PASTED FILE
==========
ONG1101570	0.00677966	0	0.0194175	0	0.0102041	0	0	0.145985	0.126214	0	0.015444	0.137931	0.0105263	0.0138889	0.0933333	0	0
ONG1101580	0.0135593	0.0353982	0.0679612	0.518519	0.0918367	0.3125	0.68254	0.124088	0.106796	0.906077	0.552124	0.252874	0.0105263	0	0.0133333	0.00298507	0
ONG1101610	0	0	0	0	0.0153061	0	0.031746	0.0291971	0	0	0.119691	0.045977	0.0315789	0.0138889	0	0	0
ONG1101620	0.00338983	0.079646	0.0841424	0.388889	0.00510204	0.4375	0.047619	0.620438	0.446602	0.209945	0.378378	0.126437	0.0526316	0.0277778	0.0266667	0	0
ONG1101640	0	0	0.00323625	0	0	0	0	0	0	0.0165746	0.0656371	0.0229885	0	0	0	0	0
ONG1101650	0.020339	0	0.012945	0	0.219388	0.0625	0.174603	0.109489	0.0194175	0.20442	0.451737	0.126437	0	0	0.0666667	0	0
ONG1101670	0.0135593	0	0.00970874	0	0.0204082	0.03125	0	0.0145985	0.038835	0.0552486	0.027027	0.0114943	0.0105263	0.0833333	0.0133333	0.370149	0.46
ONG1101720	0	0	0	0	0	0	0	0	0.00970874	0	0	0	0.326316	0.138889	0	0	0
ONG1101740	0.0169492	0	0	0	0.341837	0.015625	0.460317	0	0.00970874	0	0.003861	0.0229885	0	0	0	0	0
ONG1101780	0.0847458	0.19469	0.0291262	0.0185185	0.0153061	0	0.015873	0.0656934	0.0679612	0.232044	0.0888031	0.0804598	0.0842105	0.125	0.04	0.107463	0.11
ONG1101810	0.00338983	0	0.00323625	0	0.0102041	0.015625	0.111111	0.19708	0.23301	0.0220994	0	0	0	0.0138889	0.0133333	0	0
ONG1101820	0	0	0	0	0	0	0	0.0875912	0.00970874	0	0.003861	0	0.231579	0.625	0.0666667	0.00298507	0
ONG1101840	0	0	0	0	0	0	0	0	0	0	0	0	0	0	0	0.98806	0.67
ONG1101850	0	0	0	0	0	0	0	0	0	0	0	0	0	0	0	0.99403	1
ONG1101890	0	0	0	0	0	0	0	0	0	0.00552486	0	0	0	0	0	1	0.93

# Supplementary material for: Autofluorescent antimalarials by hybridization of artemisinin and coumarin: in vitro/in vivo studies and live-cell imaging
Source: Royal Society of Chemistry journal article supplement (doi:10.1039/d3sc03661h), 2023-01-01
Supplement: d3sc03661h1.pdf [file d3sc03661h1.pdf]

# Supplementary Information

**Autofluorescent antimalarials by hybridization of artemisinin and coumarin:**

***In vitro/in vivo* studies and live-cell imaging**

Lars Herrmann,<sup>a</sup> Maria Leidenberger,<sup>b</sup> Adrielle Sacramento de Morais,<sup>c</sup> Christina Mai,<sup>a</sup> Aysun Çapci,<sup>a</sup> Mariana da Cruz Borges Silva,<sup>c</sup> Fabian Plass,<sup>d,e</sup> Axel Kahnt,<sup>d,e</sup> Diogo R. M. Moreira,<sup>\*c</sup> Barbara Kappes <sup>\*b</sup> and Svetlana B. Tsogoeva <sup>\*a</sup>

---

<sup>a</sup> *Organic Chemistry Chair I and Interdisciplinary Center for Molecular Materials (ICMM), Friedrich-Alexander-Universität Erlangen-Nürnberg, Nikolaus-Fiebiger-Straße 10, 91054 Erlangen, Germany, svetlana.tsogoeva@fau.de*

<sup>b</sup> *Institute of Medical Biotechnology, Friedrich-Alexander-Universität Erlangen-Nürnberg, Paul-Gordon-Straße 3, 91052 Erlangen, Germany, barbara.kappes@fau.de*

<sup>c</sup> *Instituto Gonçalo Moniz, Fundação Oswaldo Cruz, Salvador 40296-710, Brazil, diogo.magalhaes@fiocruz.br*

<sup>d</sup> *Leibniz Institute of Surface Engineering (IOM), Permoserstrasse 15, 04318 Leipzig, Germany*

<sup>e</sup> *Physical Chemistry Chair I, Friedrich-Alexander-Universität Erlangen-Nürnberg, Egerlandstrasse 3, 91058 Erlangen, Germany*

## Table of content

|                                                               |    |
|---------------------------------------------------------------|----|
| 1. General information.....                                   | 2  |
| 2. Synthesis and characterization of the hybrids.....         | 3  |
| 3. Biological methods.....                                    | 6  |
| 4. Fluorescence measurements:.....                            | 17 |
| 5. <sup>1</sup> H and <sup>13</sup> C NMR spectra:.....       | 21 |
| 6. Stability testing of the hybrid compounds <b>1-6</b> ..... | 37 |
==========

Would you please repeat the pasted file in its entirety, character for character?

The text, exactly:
ONG1101570	0.00677966	0	0.0194175	0	0.0102041	0	0	0.145985	0.126214	0	0.015444	0.137931	0.0105263	0.0138889	0.0933333	0	0
ONG1101580	0.0135593	0.0353982	0.0679612	0.518519	0.0918367	0.3125	0.68254	0.124088	0.106796	0.906077	0.552124	0.252874	0.0105263	0	0.0133333	0.00298507	0
ONG1101610	0	0	0	0	0.0153061	0	0.031746	0.0291971	0	0	0.119691	0.045977	0.0315789	0.0138889	0	0	0
ONG1101620	0.00338983	0.079646	0.0841424	0.388889	0.00510204	0.4375	0.047619	0.620438	0.446602	0.209945	0.378378	0.126437	0.0526316	0.0277778	0.0266667	0	0
ONG1101640	0	0	0.00323625	0	0	0	0	0	0	0.0165746	0.0656371	0.0229885	0	0	0	0	0
ONG1101650	0.020339	0	0.012945	0	0.219388	0.0625	0.174603	0.109489	0.0194175	0.20442	0.451737	0.126437	0	0	0.0666667	0	0
ONG1101670	0.0135593	0	0.00970874	0	0.0204082	0.03125	0	0.0145985	0.038835	0.0552486	0.027027	0.0114943	0.0105263	0.0833333	0.0133333	0.370149	0.46
ONG1101720	0	0	0	0	0	0	0	0	0.00970874	0	0	0	0.326316	0.138889	0	0	0
ONG1101740	0.0169492	0	0	0	0.341837	0.015625	0.460317	0	0.00970874	0	0.003861	0.0229885	0	0	0	0	0
ONG1101780	0.0847458	0.19469	0.0291262	0.0185185	0.0153061	0	0.015873	0.0656934	0.0679612	0.232044	0.0888031	0.0804598	0.0842105	0.125	0.04	0.107463	0.11
ONG1101810	0.00338983	0	0.00323625	0	0.0102041	0.015625	0.111111	0.19708	0.23301	0.0220994	0	0	0	0.0138889	0.0133333	0	0
ONG1101820	0	0	0	0	0	0	0	0.0875912	0.00970874	0	0.003861	0	0.231579	0.625	0.0666667	0.00298507	0
ONG1101840	0	0	0	0	0	0	0	0	0	0	0	0	0	0	0	0.98806	0.67
ONG1101850	0	0	0	0	0	0	0	0	0	0	0	0	0	0	0	0.99403	1
ONG1101890	0	0	0	0	0	0	0	0	0	0.00552486	0	0	0	0	0	1	0.93

# Supplementary material for: Autofluorescent antimalarials by hybridization of artemisinin and coumarin: in vitro/in vivo studies and live-cell imaging
Source: Royal Society of Chemistry journal article supplement (doi:10.1039/d3sc03661h), 2023-01-01
Supplement: d3sc03661h1.pdf [file d3sc03661h1.pdf]

# Supplementary Information

**Autofluorescent antimalarials by hybridization of artemisinin and coumarin:**

***In vitro/in vivo* studies and live-cell imaging**

Lars Herrmann,<sup>a</sup> Maria Leidenberger,<sup>b</sup> Adrielle Sacramento de Morais,<sup>c</sup> Christina Mai,<sup>a</sup> Aysun Çapci,<sup>a</sup> Mariana da Cruz Borges Silva,<sup>c</sup> Fabian Plass,<sup>d,e</sup> Axel Kahnt,<sup>d,e</sup> Diogo R. M. Moreira,<sup>\*c</sup> Barbara Kappes <sup>\*b</sup> and Svetlana B. Tsogoeva <sup>\*a</sup>

---

<sup>a</sup> *Organic Chemistry Chair I and Interdisciplinary Center for Molecular Materials (ICMM), Friedrich-Alexander-Universität Erlangen-Nürnberg, Nikolaus-Fiebiger-Straße 10, 91054 Erlangen, Germany, svetlana.tsogoeva@fau.de*

<sup>b</sup> *Institute of Medical Biotechnology, Friedrich-Alexander-Universität Erlangen-Nürnberg, Paul-Gordon-Straße 3, 91052 Erlangen, Germany, barbara.kappes@fau.de*

<sup>c</sup> *Instituto Gonçalo Moniz, Fundação Oswaldo Cruz, Salvador 40296-710, Brazil, diogo.magalhaes@fiocruz.br*

<sup>d</sup> *Leibniz Institute of Surface Engineering (IOM), Permoserstrasse 15, 04318 Leipzig, Germany*

<sup>e</sup> *Physical Chemistry Chair I, Friedrich-Alexander-Universität Erlangen-Nürnberg, Egerlandstrasse 3, 91058 Erlangen, Germany*

## Table of content

|                                                               |    |
|---------------------------------------------------------------|----|
| 1. General information.....                                   | 2  |
| 2. Synthesis and characterization of the hybrids.....         | 3  |
| 3. Biological methods.....                                    | 6  |
| 4. Fluorescence measurements:.....                            | 17 |
| 5. <sup>1</sup> H and <sup>13</sup> C NMR spectra:.....       | 21 |
| 6. Stability testing of the hybrid compounds <b>1-6</b> ..... | 37 |